In this large, prospective study, we report a modest but statistically significant reduction in the risk of postmenopausal breast cancer with a high versus low level of physical activity. Women active ≥5 times per week displayed a 13% reduced breast cancer risk compared with inactive women. This relation persisted across tumor stage and select histologic subtypes. In particular, the inverse association appeared more pronounced for ER− breast cancers, for overweight and obese women, for those who never used MHT, and for women with a history of breast cancer in a first-degree female relative. These findings add to the current literature supporting the notion that physical activity influences the risk of this common and deleterious disease (2
Our observation that a high level of activity is specifically associated with a borderline significant reduction in ER− breast cancer risk distinguishes our study from prior investigations. The majority of previous evidence supporting an association between physical activity and postmenopausal breast cancer incidence is based primarily on ER+ tumors, which account for a substantial proportion of postmenopausal breast cancers (18
However, our results are consistent with the California Teachers Study, which found an inverse relation of physical activity to ER− breast cancer in postmenopausal women, whereas the association with ER+ tumors was null (19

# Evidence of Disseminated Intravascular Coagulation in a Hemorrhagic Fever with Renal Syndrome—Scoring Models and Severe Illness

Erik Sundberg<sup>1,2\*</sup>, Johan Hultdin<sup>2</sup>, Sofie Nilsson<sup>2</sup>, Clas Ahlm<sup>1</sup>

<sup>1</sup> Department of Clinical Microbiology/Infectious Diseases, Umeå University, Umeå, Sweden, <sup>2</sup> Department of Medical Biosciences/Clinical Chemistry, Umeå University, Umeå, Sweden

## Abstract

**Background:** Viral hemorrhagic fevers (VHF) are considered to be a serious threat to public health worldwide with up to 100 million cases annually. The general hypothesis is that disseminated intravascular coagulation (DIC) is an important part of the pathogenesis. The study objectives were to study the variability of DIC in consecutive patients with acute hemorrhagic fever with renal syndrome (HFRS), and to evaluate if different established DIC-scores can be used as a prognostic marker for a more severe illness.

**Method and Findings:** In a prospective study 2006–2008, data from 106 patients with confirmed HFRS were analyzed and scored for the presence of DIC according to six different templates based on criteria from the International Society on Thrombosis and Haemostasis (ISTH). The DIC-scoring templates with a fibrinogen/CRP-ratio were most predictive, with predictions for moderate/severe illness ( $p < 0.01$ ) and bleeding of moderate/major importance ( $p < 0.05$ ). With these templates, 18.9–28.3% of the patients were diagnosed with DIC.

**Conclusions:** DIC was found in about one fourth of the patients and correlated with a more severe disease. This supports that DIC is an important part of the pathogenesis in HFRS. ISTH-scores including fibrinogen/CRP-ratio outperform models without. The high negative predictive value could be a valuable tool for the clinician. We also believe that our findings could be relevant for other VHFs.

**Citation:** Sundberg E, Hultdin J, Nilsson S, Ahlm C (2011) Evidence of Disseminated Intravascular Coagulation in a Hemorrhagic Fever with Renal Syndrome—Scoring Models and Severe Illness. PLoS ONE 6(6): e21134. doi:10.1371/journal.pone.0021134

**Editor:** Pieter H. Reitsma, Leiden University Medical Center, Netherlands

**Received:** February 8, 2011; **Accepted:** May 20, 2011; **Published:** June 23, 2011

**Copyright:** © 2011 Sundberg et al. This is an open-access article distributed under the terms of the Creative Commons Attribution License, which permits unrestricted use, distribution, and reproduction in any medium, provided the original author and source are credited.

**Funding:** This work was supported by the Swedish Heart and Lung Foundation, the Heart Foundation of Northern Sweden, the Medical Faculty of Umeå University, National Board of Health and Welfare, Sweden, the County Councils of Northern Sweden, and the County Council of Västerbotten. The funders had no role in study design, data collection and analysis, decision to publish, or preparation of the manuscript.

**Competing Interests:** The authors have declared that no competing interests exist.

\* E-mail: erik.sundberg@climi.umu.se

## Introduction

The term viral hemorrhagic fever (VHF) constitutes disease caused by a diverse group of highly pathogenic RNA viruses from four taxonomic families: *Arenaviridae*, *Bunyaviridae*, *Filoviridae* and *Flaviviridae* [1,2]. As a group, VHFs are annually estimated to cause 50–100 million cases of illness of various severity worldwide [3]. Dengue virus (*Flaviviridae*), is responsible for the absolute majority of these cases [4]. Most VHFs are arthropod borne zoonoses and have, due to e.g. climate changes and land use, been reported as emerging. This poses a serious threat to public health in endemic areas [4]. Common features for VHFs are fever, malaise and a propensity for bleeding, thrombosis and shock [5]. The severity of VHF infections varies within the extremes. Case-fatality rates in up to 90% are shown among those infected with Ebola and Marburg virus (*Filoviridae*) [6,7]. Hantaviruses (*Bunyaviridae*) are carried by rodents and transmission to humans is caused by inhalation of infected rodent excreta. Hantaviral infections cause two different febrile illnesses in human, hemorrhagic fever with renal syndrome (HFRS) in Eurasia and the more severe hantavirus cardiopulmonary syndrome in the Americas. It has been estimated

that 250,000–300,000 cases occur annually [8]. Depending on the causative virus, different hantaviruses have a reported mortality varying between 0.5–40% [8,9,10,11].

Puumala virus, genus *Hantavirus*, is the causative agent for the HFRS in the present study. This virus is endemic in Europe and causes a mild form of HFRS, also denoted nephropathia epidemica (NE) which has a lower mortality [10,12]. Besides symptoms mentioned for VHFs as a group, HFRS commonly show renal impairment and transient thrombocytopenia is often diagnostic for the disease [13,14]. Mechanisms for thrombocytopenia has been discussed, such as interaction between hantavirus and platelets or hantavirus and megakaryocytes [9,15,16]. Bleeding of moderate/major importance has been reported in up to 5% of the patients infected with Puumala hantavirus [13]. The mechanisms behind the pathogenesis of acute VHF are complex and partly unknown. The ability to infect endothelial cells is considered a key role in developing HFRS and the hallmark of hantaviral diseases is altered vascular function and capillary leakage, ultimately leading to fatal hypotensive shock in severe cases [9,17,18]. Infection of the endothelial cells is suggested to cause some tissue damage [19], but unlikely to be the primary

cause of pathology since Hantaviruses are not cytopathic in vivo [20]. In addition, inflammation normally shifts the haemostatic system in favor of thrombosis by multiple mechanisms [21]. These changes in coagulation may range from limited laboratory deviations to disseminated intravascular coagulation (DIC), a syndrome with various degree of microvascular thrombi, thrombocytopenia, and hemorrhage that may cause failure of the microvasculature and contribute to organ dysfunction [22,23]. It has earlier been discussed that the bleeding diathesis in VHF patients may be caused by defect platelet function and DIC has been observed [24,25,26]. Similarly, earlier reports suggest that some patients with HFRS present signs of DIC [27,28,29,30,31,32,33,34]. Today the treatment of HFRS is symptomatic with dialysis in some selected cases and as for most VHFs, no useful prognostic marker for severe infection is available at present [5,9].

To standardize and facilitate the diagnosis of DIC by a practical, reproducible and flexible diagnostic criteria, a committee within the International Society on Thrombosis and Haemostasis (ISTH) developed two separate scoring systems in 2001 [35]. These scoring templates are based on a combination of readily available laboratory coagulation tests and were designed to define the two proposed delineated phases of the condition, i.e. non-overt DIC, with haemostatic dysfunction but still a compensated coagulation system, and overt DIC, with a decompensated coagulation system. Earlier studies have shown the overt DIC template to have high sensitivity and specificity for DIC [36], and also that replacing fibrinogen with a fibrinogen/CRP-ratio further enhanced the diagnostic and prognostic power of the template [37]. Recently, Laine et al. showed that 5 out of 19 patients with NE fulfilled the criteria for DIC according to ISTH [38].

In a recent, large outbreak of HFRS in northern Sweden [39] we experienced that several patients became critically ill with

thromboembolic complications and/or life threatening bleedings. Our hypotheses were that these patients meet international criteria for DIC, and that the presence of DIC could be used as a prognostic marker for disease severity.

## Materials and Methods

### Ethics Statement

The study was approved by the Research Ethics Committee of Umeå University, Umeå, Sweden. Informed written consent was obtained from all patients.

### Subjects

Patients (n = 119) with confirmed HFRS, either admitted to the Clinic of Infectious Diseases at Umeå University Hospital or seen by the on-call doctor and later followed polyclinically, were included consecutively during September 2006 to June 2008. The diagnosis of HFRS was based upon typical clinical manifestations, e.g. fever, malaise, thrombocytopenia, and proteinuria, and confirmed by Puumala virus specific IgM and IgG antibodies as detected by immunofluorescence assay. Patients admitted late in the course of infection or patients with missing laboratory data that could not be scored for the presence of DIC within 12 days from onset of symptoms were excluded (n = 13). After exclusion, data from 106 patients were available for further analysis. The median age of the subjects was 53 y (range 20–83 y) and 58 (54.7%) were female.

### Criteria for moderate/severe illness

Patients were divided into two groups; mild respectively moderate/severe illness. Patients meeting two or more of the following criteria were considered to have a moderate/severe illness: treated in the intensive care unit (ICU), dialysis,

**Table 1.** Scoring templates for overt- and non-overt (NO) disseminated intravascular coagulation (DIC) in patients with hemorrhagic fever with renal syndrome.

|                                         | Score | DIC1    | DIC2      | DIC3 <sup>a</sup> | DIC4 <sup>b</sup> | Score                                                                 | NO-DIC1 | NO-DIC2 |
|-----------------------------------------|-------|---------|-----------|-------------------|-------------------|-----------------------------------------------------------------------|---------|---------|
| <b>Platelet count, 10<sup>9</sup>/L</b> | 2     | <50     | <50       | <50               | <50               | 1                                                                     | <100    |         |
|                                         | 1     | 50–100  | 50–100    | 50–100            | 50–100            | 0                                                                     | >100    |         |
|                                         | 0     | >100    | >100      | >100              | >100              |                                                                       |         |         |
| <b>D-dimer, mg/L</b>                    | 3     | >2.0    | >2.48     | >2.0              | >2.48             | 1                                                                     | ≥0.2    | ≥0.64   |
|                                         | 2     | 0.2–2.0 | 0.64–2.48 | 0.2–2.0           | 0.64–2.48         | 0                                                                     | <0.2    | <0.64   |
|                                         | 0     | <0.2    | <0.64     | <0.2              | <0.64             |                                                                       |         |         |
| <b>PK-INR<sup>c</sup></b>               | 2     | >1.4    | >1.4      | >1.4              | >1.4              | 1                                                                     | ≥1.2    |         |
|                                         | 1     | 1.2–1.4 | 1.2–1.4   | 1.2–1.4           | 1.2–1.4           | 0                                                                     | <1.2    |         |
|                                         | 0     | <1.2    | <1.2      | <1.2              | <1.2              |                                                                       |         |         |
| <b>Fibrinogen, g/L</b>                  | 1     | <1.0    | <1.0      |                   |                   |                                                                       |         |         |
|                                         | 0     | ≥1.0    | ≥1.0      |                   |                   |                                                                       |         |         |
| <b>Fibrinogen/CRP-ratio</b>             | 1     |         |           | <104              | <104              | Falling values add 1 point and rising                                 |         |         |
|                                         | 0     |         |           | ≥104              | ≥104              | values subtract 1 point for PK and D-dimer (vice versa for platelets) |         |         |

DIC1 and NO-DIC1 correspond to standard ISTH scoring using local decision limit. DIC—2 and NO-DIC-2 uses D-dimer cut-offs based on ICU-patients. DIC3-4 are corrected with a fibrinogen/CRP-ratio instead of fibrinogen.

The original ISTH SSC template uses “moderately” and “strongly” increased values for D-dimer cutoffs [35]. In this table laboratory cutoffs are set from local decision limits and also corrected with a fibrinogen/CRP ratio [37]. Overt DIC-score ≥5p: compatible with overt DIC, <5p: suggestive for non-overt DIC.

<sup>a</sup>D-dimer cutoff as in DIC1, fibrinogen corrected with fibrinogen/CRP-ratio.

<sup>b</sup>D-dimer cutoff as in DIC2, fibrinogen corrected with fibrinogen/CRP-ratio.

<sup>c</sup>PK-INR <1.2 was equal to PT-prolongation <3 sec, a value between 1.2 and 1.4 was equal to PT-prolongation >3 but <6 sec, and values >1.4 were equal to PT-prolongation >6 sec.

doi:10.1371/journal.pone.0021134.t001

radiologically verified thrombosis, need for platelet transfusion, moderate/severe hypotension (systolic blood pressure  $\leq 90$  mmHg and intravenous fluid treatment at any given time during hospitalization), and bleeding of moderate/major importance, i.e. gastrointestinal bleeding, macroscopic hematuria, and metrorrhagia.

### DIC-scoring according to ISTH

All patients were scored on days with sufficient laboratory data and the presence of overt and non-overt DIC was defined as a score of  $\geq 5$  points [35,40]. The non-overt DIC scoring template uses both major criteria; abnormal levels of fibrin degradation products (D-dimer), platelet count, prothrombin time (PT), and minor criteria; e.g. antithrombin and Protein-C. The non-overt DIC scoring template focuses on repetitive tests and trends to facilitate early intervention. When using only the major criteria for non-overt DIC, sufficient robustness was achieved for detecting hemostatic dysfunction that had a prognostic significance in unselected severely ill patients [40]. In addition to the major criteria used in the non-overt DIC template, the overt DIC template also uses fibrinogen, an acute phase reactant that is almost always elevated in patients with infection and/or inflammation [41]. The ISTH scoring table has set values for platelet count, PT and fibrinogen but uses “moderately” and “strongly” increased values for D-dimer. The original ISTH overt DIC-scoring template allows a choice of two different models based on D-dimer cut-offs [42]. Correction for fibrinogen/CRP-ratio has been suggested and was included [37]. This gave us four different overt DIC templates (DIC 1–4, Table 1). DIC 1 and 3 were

). A U.S. case-control study also showed a statistically nonsignificant inverse relation between adult activity and ER− tumors compared with a suggested positive association with ER+ tumors, although the study population was primarily premenopausal (20
). Conversely, physical activity was selectively associated with reduced risk of ER+ postmenopausal breast cancer in the Iowa Women’s Health Study (21
). Furthermore, the relation of physical activity to breast cancer was not significantly modified by ER subtype in five case-control studies (22
Our results regarding joint ER/PR status correspond to a recent systematic review (5
) reporting a stronger association with ER−/PR− than ER+/PR+ tumors. In addition, our observation of a suggestive reduction in ER−/PR− cancer risk with increasing physical activity is consistent with results from the California Teachers Study (19
) and a Shanghai-based case-control study (24
). Physical activity was not associated with ER+/PR+ tumors in our study, in agreement with two other large cohort studies (19
) and two case-control studies (20
). In contrast, two studies (21
) reported an inverse association between physical activity and ER+/PR+ cancers. Associations with the less common discordant ER+/PR− and ER−/PR+ subtypes revealed no consistent pattern in our study and past studies (20
Our study suggests a potential role of physical activity in the prevention of ER− breast cancers. This is of considerable interest because women with ER− cancers tend to be younger (28
), to have tumors that are large and advanced at diagnosis (29
), and to experience reduced survival (30
). Moreover, there is currently a paucity of knowledge regarding risk factors for ER− tumors (18
The suggestion of a stronger relation with ER− than ER+ tumors also indicates that physical activity may influence breast cancer risk independently of estrogens. Potential alternative mechanisms include decreased levels of circulating insulin and insulin-like growth factors, reduction of chronic inflammation, and modulation of the immune response (8